This can be particularly helpful when doing therapy, Shore explained. “You’re doing [therapy] in this artificial environment, not in the environment where they live and they’re dealing with their symptoms. And so, I think there’s a real power to move the treatment into the place where the patient lives.”
Similarly, telepsychiatry also allows for greater insights and ability to help patients with specific disorders. For instance, if you’re working with someone with ADHD, you can see the state of their homes. In patients with eating disorders, clinicians can ask to see the pantry to see what might tempt them. For patients with a hoarding disorder, you can monitor their progress and watch as they sort through things.
Other special patient populations can also benefit from telepsychiatry. The most obvious group includes older and immunosuppressed patients during the COVID environment, who benefit from care that does not endanger their lives. Telepsychiatry also evens out the playing field and provides a more egalitarian approach. Patients with anxiety can meet with their physician in a more comfortable environment, which in turn allows them to share more freely. It also benefits children and adolescents, Aiken added. “It can be intimidating to be in an older doctor’s office when you’re an adolescent. In telepsychiatry, we are on their media-this is their domain, the electronic media, so they take it and run with it.”
Looking to the future-a hybrid approach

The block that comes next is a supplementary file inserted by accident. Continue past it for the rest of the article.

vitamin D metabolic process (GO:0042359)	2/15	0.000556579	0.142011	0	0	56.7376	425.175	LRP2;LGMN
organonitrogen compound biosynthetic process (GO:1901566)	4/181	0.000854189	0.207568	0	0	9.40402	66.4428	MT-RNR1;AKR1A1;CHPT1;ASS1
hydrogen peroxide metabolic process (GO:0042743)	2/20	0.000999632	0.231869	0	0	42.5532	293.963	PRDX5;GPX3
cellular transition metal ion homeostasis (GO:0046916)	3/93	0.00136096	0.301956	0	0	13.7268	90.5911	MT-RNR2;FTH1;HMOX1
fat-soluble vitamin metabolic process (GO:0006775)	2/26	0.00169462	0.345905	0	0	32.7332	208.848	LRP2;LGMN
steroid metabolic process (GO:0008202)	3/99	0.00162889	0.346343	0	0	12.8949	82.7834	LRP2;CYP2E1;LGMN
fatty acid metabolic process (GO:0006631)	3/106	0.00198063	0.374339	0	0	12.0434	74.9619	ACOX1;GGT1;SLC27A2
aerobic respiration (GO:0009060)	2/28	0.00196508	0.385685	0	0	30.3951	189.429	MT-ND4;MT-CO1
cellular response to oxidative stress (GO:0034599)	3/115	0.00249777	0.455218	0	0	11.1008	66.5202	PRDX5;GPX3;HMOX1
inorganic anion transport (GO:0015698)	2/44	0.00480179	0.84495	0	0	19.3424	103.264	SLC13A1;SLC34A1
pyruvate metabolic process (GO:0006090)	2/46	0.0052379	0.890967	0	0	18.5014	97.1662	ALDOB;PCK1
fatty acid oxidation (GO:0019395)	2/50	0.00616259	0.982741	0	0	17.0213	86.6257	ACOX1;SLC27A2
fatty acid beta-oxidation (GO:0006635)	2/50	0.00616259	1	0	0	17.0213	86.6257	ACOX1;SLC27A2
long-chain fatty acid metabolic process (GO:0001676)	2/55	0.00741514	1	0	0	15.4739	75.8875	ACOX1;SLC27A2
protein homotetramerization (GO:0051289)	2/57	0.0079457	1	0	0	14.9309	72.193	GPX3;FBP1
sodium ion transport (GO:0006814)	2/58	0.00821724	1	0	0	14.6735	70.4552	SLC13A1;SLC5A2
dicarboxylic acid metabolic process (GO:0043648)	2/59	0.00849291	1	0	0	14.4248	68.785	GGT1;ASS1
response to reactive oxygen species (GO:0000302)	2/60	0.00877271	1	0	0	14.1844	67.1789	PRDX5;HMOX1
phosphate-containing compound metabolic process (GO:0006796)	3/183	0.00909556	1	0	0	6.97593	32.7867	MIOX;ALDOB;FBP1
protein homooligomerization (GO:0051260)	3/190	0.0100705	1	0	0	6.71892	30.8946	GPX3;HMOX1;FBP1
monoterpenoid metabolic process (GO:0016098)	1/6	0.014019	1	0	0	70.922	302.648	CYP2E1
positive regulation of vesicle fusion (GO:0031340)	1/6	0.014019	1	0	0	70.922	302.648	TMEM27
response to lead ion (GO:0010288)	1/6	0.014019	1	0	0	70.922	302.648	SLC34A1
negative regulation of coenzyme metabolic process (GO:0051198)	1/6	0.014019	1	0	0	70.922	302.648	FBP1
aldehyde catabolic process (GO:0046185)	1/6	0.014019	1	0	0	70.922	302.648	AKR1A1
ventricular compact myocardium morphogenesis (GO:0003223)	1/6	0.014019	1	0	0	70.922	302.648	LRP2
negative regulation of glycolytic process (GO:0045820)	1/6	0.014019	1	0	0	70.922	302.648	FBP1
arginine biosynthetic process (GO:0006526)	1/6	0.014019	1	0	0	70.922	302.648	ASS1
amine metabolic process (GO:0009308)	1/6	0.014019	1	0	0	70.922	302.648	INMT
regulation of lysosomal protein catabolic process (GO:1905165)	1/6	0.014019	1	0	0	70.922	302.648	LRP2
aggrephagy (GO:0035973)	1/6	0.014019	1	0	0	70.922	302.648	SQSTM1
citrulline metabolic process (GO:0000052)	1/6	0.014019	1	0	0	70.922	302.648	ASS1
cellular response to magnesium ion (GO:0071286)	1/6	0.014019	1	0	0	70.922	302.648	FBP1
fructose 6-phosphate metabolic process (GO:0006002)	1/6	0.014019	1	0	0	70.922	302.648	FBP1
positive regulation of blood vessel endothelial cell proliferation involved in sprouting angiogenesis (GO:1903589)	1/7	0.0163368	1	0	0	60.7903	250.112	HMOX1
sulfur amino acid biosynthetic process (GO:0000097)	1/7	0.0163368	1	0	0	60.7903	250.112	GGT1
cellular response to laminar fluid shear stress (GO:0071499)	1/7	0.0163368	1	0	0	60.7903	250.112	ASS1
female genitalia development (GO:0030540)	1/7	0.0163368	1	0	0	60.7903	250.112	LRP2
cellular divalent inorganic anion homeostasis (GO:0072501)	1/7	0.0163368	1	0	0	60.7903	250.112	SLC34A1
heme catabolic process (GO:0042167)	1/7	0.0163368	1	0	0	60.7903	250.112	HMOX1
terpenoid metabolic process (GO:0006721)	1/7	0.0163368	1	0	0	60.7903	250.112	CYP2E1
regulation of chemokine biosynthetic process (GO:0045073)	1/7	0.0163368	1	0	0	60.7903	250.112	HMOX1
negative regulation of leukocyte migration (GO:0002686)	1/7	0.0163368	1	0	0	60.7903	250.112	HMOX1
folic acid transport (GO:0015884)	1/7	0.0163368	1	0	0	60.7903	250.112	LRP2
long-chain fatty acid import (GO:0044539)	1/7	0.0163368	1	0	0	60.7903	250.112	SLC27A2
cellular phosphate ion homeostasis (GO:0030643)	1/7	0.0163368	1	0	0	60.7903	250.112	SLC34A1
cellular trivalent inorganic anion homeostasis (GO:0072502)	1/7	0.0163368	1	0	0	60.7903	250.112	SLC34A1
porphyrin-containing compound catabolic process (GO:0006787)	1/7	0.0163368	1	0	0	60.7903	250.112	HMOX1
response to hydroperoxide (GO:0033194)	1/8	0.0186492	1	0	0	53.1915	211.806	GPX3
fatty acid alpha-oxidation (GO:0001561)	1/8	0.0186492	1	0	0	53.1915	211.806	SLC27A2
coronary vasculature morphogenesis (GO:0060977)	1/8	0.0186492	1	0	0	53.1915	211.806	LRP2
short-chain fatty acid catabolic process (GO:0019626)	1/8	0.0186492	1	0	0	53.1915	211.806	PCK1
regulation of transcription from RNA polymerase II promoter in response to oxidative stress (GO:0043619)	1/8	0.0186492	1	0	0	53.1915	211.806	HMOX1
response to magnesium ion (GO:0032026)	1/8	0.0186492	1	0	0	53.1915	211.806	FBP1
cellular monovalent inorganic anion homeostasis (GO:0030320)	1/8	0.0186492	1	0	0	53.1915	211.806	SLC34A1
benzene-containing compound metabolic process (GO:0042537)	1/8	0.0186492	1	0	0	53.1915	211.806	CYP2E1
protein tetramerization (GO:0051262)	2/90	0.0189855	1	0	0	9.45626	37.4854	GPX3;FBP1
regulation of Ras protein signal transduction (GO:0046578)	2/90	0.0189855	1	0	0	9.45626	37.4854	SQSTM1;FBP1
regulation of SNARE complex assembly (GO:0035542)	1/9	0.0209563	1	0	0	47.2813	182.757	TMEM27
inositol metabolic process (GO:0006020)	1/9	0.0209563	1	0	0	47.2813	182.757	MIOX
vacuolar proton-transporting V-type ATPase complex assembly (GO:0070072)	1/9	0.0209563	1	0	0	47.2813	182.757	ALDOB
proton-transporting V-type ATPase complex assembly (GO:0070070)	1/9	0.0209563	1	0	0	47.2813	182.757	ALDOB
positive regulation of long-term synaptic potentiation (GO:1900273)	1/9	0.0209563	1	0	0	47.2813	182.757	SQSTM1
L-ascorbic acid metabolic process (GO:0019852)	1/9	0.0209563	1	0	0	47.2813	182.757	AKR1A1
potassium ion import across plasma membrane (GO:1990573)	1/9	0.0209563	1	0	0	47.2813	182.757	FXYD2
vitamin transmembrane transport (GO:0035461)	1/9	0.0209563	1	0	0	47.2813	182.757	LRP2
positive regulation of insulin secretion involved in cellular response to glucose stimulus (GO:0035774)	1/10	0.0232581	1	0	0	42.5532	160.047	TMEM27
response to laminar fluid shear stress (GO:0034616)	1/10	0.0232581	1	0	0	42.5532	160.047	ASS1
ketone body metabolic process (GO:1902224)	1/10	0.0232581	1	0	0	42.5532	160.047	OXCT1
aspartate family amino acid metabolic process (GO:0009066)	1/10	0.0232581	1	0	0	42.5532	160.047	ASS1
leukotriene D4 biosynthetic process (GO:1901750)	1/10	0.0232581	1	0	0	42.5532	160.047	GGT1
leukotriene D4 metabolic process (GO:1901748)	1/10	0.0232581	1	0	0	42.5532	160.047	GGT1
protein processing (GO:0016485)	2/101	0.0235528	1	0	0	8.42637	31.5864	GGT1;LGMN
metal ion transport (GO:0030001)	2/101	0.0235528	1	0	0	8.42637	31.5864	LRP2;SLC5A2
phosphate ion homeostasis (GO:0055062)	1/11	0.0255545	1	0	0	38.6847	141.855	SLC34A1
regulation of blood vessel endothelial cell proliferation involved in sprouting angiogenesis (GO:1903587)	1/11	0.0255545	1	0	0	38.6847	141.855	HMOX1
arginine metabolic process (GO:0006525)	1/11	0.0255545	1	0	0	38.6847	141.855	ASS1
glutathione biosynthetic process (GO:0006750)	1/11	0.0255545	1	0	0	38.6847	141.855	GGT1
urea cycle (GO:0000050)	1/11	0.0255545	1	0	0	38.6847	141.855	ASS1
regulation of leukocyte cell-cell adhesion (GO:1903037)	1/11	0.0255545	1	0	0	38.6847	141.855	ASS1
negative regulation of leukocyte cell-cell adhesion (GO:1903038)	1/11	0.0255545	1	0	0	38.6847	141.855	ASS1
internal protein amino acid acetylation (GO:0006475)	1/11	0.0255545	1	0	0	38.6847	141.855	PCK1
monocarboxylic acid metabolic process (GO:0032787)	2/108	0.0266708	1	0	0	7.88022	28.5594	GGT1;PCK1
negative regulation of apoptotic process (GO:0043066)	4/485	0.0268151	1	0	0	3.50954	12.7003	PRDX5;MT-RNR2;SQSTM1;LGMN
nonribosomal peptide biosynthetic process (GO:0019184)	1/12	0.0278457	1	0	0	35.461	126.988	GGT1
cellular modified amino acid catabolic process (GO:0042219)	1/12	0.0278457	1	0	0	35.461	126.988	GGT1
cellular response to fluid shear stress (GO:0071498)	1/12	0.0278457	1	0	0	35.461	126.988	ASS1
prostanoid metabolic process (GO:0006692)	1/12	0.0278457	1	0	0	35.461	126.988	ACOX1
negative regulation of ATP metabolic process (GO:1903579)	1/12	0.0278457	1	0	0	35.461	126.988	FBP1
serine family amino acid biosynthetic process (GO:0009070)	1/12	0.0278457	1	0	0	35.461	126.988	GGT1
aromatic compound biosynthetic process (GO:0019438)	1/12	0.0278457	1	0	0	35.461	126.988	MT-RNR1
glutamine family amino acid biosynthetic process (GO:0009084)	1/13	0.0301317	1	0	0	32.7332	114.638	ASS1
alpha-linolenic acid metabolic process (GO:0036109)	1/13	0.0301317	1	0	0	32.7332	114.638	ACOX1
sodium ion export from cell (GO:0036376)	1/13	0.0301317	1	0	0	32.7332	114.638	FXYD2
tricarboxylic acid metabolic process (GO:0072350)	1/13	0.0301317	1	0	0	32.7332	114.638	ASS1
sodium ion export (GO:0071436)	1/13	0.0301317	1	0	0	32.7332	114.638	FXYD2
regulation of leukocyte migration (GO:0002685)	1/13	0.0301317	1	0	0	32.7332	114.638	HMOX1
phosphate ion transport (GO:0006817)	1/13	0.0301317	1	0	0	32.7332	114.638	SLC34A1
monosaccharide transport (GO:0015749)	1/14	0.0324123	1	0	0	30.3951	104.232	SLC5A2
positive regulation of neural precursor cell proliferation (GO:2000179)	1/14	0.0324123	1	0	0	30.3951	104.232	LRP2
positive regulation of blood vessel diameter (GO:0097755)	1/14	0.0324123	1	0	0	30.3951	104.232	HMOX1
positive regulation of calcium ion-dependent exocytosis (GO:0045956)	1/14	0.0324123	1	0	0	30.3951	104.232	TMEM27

According to the experts, the literature to date suggests very high levels of patient satisfaction, most likely due to its flexibility. It becomes easier for patients to show up for appointments, with minimal disruptions to their schedule.
The flexibility goes both ways. In the past, taking an extended vacation or attending a convention meant leaving your patients behind, finding coverage, and the like. With telepsychiatry, clinicians can schedule appointments around their travel schedules, appointments, and leisure time and still be able to monitor their patients.
Another perk of telepsychiatry is that patients may find it easier to divulge sensitive information. “There’s a big computer science literature showing that people tend to be more honest if they’re talking about sensitive topics to a computer, filling in a questionnaire, or to someone on video on a computer as opposed to in person,” Yellowlees said. “Imagine if you’re a female and you’ve been raped recently. It’s much easier to talk to someone like Jay or myself on video than to come into our clinics and see us there as sort of physically large males.”
With greater opportunities to connect with patients and high levels of patient satisfaction, all three experts agreed the future of psychiatry should consist of a hybrid model of care. Aiken noted, “As we emerge [from this pandemic], psychiatry will have this tremendous opportunity to figure out the right balance [of telepsychiatry and in-person care].” This balanced hybrid approach should really be the standard of care, he added.
“I tend to look at it like video and in-person visits, each has their own strengths and challenges, and it’s variable by the patient population,” Shore explained. “As Peter [Yellowlees] mentioned, I’ve worked with victims of domestic violence and see them first in video to establish a relationship where they feel safer and more comfortable. Now, there are other patients where you may want to see them in person first to establish the relationship, and then do video.”
“What I’m hearing is that in the hybrid model patients might feel more secure in their connection with us, knowing that they can reach us when they’re at the beach, when their car is broken,” Aiken said. “We just have to turn it up a bit, 110%, in our own attunement and energy involvement, and we can actually connect to patients in different ways.”
Yellowlees P, Shore JH. Telepsychiatry and Health Technologies: A Guide for Mental Health Professionals. American Psychiatric Association Publishing; 2018.